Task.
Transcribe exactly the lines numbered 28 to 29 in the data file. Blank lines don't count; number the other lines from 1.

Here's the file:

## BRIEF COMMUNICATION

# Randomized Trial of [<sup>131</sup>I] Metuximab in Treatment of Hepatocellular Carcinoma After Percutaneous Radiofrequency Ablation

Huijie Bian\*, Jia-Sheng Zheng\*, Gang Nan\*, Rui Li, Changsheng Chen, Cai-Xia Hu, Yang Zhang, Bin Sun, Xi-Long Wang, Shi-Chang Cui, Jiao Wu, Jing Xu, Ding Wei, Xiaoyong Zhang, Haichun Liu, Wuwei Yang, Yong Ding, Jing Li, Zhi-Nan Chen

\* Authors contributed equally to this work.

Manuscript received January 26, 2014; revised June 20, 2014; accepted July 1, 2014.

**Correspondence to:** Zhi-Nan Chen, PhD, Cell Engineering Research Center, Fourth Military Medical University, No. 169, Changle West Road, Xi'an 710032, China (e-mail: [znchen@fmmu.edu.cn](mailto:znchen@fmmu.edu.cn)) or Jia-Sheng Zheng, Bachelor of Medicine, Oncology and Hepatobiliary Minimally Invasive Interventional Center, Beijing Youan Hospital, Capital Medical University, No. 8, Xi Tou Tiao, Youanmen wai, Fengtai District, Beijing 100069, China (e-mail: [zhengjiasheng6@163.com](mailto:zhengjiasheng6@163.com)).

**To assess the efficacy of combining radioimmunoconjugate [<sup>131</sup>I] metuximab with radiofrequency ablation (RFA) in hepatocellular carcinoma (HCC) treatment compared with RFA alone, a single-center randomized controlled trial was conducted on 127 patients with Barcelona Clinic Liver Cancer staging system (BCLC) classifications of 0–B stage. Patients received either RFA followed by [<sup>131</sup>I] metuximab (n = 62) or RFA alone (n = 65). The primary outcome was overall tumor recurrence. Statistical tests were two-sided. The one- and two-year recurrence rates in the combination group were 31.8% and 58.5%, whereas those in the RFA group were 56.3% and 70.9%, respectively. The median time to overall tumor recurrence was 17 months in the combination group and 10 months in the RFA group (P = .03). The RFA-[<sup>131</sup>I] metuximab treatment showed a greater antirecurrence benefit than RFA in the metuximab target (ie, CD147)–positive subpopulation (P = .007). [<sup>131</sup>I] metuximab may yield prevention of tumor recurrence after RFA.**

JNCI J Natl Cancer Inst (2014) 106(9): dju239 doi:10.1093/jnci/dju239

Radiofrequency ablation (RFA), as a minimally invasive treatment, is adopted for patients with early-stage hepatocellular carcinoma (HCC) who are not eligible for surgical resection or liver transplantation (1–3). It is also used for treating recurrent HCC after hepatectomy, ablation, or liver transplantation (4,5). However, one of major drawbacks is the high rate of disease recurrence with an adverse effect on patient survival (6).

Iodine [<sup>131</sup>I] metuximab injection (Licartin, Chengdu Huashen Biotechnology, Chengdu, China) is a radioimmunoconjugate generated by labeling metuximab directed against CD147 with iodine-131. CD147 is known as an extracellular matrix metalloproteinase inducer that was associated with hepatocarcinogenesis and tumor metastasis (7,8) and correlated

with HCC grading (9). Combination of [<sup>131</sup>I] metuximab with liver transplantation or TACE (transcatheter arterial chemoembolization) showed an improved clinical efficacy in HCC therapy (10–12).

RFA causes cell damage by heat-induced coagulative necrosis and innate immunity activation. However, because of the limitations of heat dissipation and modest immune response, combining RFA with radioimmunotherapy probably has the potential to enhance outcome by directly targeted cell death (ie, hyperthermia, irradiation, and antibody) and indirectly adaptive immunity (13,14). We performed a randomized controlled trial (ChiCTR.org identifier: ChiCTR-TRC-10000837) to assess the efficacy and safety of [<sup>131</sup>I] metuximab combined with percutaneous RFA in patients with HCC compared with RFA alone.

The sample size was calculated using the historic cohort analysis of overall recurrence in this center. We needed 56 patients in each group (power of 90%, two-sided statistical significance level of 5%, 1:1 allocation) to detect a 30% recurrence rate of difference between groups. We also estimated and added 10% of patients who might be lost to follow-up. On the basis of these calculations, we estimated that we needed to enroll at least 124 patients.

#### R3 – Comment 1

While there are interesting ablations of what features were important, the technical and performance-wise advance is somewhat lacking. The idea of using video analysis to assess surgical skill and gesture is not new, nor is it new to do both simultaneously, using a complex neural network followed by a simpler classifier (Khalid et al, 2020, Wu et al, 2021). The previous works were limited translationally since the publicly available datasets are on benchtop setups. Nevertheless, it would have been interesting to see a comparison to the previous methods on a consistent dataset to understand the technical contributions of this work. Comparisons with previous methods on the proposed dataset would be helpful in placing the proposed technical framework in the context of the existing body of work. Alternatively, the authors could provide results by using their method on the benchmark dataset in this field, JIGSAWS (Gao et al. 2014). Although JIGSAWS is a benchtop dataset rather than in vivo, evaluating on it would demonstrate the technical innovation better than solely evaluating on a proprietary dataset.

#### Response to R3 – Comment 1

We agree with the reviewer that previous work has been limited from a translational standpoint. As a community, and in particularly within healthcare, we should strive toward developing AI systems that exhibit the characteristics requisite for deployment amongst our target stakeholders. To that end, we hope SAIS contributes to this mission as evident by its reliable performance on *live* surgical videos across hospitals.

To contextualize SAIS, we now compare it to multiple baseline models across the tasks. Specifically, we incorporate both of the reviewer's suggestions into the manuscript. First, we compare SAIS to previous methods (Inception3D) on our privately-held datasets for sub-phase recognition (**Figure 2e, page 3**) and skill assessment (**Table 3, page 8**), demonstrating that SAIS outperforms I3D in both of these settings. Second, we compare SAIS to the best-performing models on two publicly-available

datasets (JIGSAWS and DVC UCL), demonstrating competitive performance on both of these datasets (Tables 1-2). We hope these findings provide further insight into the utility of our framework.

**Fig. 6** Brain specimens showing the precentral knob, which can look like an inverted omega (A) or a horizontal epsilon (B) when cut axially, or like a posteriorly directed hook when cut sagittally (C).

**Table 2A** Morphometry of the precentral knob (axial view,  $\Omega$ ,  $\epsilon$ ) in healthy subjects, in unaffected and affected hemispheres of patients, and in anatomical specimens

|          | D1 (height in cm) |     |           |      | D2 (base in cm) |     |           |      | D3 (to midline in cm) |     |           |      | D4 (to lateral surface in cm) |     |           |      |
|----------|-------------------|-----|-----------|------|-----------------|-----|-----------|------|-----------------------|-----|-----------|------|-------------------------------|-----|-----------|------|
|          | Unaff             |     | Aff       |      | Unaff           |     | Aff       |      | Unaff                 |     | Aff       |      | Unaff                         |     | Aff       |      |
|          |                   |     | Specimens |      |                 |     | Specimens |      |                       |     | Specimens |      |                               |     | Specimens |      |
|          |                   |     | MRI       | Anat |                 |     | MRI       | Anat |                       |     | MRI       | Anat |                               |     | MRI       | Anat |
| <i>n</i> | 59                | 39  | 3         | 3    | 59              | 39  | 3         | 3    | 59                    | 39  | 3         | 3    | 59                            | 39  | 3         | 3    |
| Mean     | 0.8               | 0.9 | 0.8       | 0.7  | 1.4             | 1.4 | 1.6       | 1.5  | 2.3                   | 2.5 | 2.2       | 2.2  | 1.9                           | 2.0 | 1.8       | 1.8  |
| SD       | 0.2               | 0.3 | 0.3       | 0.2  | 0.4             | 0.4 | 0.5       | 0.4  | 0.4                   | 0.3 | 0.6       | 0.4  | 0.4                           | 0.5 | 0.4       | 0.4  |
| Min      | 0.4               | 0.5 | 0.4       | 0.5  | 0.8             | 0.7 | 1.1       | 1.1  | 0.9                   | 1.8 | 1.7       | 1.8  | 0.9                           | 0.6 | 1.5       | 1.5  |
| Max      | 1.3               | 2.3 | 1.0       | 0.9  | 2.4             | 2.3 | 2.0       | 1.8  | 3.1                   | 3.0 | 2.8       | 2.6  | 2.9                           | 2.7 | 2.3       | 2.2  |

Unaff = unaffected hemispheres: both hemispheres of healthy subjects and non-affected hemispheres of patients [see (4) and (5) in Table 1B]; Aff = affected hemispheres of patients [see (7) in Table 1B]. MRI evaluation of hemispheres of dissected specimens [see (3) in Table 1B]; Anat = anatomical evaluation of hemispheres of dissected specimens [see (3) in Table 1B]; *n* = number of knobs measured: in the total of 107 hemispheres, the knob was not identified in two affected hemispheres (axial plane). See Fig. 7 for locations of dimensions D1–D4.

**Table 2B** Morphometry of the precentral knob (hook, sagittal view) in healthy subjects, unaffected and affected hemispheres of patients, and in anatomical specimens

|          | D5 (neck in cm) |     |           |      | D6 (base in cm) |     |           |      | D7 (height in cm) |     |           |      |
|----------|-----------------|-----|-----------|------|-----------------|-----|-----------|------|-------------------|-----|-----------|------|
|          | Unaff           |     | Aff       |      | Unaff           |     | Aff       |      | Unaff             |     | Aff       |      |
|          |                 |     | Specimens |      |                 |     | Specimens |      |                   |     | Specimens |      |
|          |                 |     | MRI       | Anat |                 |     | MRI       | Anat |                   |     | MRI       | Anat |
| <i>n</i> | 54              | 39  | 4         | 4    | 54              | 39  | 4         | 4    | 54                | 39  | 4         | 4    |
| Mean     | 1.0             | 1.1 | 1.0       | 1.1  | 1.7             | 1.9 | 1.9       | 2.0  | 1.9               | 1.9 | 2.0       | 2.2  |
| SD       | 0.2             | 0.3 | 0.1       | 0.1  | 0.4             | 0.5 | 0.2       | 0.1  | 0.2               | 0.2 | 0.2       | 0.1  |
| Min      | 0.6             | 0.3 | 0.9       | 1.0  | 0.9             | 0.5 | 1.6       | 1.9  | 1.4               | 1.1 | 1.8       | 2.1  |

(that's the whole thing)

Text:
| Mean     | 0.8               | 0.9 | 0.8       | 0.7  | 1.4             | 1.4 | 1.6       | 1.5  | 2.3                   | 2.5 | 2.2       | 2.2  | 1.9                           | 2.0 | 1.8       | 1.8  |
| SD       | 0.2               | 0.3 | 0.3       | 0.2  | 0.4             | 0.4 | 0.5       | 0.4  | 0.4                   | 0.3 | 0.6       | 0.4  | 0.4                           | 0.5 | 0.4       | 0.4  |